Born at Rahon, Jura, about 1244; d. at Paris, 18 March, 1314. A Templar at Beaune since 1265, Molai is mentioned as Grand Master of the Templars as early as 1298. He was, as he described himself at his trial, an unlettered soldier ( miles illetteratus ); profiting, however, by the collective experience of his order, he presided in 1306 or 1307 at the drawing up of a very important plan of crusade and went to Poitiers to lay it before Clement V, who had summoned him from the East. This crusading project, based upon personal knowledge of the Orient and the Italian cities, is considered by Renan superior to any other scheme of its kind formulated during that epoch. In it Molai shows his implicit confidence in the King of France, whose victim he was soon to become. At the same time Molai presented to the pope a memorial against the amalgamation of the Hospitallers and the Templars under discussion since the Council of Lyons and accepted in principle by Gregory X. On learning from Clement V the accusations brought against his order, Molai begged the pope to do justice and returned to Paris. On 13 October, 1307, he was arrested there, together with all the Templars of the central house of Paris, by the lawyer Nogaret. Nogaret's captious interrogatories necessarily disconcerted Molai, who, knowing neither law nor theology, was unable to defend himself.
On 24 October, 1307, on his first appearance before the inquisitor general of the kingdom, Molai pleaded guilty to some of the imputed crimes, notably the alleged obligation of the Templars on joining the order to deny Christ and to spit upon the crucifix; but he refused to admit the crimes against chastity. On 25 October, 1307, he repeated these same admissions and denials. It is supposed that his object in making these partial admissions was to save his comrades from the extreme penalty. In 1308 a commission of inquiry of eight cardinals was appointed by the pope ; it was a new form of procedure, and torture was excluded from it. Molai caused to be surreptitiously circulated in some of the dungeons a wax tablet calling upon his brethren to retract their confessions, and in August, 1308, appeared before this commission. What then took place is a most obscure point of history. According to the record of his trial as it appears in the Bull of Clement V, "Faciens misericordiam", Molai would seem to have repeated his admissions of guilt, but, when the Bull was read to him on his appearance before another commission in November, 1309, he was stupefied, made the sign the Cross twice, and exclaimed: "Would to God that such scoundrels might receive the treatment they receive from the Saracens and Tartars!" From this Viollet concludes that the cardinals of the commission of 1308 attributed to Molai admissions which he had not made. But did they intend to injure him? Quite the contrary, M. Viollet thinks: had they reported that Molai would not repeat the admissions made in 1307, Philip IV the Fair would have had a reason for sending him to the stake as "relapsed "; so, from motives of humanity, they perpetrated a falsehood to save him. Before this commission of 1309 Molai displayed true courage. When they spoke to him of the sodomy of the Templars, and of their transgressions against religious law, he answered that he had never heard of anything of the kind, and asked permission to hear Mass. The trial dragged on. In March, 1313, he, with three other high dignitaries of the order, underwent a last interrogatory in Paris before a new commission of cardinals, prelates, and theologians, authorized to pronounce sentence. He was condemned to imprisonment for life, proudly denying the crimes with which the Temple had been charged. Philip the Fair sent him to die at the stake as "relapsed", and he continued unflinching until the last (see TEMPLARS, KNIGHTS).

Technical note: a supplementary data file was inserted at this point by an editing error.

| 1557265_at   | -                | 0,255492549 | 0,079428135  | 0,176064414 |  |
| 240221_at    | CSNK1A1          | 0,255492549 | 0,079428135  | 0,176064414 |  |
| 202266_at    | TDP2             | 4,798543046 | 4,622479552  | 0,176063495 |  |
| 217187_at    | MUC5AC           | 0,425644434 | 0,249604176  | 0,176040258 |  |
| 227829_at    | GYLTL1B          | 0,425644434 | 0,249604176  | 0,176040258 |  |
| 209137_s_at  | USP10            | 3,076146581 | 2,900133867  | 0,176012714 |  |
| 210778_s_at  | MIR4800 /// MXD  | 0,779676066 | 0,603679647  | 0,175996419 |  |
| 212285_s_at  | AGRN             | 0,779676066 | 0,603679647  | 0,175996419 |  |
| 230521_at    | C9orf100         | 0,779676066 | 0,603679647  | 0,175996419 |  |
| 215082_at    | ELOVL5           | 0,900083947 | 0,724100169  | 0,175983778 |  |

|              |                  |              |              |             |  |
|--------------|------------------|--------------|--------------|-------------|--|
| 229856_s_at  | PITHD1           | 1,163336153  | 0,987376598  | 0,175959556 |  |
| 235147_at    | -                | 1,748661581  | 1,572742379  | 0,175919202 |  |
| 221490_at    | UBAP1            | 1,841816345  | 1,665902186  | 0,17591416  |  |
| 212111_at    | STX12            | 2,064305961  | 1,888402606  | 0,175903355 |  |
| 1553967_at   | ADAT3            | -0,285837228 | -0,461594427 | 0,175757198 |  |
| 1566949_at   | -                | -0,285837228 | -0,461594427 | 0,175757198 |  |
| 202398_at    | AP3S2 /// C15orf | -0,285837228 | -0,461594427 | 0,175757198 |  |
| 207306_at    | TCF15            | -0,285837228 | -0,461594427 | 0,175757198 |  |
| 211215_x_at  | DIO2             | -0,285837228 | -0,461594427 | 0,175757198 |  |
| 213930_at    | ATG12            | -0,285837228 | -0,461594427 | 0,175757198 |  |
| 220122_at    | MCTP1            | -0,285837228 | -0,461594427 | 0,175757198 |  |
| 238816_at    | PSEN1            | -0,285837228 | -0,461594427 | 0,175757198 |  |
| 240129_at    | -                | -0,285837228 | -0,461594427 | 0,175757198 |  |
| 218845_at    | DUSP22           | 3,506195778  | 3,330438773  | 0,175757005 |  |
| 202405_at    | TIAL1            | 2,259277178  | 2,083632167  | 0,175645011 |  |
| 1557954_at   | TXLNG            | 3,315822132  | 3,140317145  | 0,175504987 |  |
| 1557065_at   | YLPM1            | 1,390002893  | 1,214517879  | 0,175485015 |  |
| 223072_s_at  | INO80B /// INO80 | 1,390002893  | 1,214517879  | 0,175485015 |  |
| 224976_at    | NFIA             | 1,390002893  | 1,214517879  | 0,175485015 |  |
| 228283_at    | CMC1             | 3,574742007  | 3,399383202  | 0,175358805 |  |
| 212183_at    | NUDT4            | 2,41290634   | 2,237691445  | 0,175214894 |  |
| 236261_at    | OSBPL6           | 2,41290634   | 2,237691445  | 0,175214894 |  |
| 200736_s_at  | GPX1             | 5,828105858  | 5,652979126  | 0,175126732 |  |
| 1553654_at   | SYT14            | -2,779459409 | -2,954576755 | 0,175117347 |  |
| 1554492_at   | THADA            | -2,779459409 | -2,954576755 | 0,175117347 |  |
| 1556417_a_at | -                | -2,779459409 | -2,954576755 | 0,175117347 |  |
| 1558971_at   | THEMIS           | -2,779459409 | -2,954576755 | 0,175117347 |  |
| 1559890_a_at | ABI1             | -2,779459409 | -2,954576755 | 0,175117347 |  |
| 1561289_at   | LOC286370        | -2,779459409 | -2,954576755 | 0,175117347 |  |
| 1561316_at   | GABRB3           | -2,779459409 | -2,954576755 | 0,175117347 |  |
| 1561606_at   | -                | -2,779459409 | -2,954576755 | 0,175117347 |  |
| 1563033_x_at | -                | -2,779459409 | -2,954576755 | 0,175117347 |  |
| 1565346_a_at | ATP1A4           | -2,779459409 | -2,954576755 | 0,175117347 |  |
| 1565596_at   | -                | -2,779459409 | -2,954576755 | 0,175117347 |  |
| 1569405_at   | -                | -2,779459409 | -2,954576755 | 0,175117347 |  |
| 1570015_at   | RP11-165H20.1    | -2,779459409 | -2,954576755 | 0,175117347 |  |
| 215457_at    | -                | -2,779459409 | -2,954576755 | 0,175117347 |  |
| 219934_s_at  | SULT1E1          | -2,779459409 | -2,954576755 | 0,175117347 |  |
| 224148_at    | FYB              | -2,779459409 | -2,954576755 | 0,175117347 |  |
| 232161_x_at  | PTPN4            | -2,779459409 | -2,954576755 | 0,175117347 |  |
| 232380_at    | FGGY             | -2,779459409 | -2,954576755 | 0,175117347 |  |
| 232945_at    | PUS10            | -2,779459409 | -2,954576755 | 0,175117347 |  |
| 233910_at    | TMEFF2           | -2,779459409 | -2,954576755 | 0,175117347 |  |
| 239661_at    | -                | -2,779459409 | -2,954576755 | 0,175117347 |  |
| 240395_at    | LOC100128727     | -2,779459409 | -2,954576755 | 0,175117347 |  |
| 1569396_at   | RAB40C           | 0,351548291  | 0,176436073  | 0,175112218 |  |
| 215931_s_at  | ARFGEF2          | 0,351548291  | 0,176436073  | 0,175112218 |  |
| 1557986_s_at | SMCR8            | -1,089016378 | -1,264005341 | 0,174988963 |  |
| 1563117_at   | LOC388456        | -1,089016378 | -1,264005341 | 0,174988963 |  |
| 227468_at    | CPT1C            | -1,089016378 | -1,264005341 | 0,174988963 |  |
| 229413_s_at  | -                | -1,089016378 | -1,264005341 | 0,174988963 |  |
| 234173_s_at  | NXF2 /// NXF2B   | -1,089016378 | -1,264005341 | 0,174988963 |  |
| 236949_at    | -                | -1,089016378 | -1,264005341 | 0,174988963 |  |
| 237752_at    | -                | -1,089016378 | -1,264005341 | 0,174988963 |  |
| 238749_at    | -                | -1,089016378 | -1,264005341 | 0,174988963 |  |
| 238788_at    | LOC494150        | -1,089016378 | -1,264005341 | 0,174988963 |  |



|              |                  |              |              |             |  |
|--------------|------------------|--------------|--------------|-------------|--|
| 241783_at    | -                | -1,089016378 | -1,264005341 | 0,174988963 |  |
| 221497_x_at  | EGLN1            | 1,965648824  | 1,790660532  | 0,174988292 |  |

The Catholic Encyclopedia is the most comprehensive resource on Catholic teaching, history, and information ever gathered in all of human history. This easy-to-search online version was originally printed between 1907 and 1912 in fifteen hard copy volumes.
Designed to present its readers with the full body of Catholic teaching, the Encyclopedia contains not only precise statements of what the Church has defined, but also an impartial record of different views of acknowledged authority on all disputed questions, national, political or factional. In the determination of the truth the most recent and acknowledged scientific methods are employed, and the results of the latest research in theology, philosophy, history, apologetics, archaeology, and other sciences are given careful consideration.
No one who is interested in human history, past and present, can ignore the Catholic Church, either as an institution which has been the central figure in the civilized world for nearly two thousand years, decisively affecting its destinies, religious, literary, scientific, social and political, or as an existing power whose influence and activity extend to every part of the globe. In the past century the Church has grown both extensively and intensively among English-speaking peoples. Their living interests demand that they should have the means of informing themselves about this vast institution, which, whether they are Catholics or not, affects their fortunes and their destiny.
Copyright © Catholic Encyclopedia. Robert Appleton Company New York, NY. Volume 1: 1907; Volume 2: 1907; Volume 3: 1908; Volume 4: 1908; Volume 5: 1909; Volume 6: 1909; Volume 7: 1910; Volume 8: 1910; Volume 9: 1910; Volume 10: 1911; Volume 11: - 1911; Volume 12: - 1911; Volume 13: - 1912; Volume 14: 1912; Volume 15: 1912
Catholic Online Catholic Encyclopedia Digital version Compiled and Copyright © Catholic Online